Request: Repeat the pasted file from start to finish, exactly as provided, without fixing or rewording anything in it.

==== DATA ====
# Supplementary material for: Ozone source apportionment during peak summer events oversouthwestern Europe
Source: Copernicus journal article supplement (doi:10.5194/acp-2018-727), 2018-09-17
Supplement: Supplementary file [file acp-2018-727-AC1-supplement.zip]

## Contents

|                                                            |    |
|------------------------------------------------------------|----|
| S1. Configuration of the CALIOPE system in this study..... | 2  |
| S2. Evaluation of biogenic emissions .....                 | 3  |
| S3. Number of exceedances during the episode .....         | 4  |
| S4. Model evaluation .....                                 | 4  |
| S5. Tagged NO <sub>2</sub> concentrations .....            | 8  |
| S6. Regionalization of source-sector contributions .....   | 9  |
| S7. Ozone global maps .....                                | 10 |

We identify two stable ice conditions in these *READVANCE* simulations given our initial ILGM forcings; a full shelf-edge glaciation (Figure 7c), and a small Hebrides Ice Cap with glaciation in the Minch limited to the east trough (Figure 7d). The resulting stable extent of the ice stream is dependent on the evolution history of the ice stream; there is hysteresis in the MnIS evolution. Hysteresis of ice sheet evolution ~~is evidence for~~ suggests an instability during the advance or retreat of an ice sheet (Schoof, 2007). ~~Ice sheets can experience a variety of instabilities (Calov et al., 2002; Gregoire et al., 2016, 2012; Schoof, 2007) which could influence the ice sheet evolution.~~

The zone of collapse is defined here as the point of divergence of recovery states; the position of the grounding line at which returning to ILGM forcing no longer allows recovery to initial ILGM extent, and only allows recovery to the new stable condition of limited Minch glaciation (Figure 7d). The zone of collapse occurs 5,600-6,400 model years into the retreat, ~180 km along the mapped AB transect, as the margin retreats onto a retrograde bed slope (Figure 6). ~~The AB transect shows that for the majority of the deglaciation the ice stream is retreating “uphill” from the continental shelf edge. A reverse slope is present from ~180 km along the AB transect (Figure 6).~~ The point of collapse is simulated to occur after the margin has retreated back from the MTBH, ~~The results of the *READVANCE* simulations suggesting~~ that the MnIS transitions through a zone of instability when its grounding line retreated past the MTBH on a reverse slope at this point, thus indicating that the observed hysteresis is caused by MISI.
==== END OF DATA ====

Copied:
# Supplementary material for: Ozone source apportionment during peak summer events oversouthwestern Europe
Source: Copernicus journal article supplement (doi:10.5194/acp-2018-727), 2018-09-17
Supplement: Supplementary file [file acp-2018-727-AC1-supplement.zip]

## Contents

|                                                            |    |
|------------------------------------------------------------|----|
| S1. Configuration of the CALIOPE system in this study..... | 2  |
| S2. Evaluation of biogenic emissions .....                 | 3  |
| S3. Number of exceedances during the episode .....         | 4  |
| S4. Model evaluation .....                                 | 4  |
| S5. Tagged NO <sub>2</sub> concentrations .....            | 8  |
| S6. Regionalization of source-sector contributions .....   | 9  |
| S7. Ozone global maps .....                                | 10 |

We identify two stable ice conditions in these *READVANCE* simulations given our initial ILGM forcings; a full shelf-edge glaciation (Figure 7c), and a small Hebrides Ice Cap with glaciation in the Minch limited to the east trough (Figure 7d). The resulting stable extent of the ice stream is dependent on the evolution history of the ice stream; there is hysteresis in the MnIS evolution. Hysteresis of ice sheet evolution ~~is evidence for~~ suggests an instability during the advance or retreat of an ice sheet (Schoof, 2007). ~~Ice sheets can experience a variety of instabilities (Calov et al., 2002; Gregoire et al., 2016, 2012; Schoof, 2007) which could influence the ice sheet evolution.~~

The zone of collapse is defined here as the point of divergence of recovery states; the position of the grounding line at which returning to ILGM forcing no longer allows recovery to initial ILGM extent, and only allows recovery to the new stable condition of limited Minch glaciation (Figure 7d). The zone of collapse occurs 5,600-6,400 model years into the retreat, ~180 km along the mapped AB transect, as the margin retreats onto a retrograde bed slope (Figure 6). ~~The AB transect shows that for the majority of the deglaciation the ice stream is retreating “uphill” from the continental shelf edge. A reverse slope is present from ~180 km along the AB transect (Figure 6).~~ The point of collapse is simulated to occur after the margin has retreated back from the MTBH, ~~The results of the *READVANCE* simulations suggesting~~ that the MnIS transitions through a zone of instability when its grounding line retreated past the MTBH on a reverse slope at this point, thus indicating that the observed hysteresis is caused by MISI.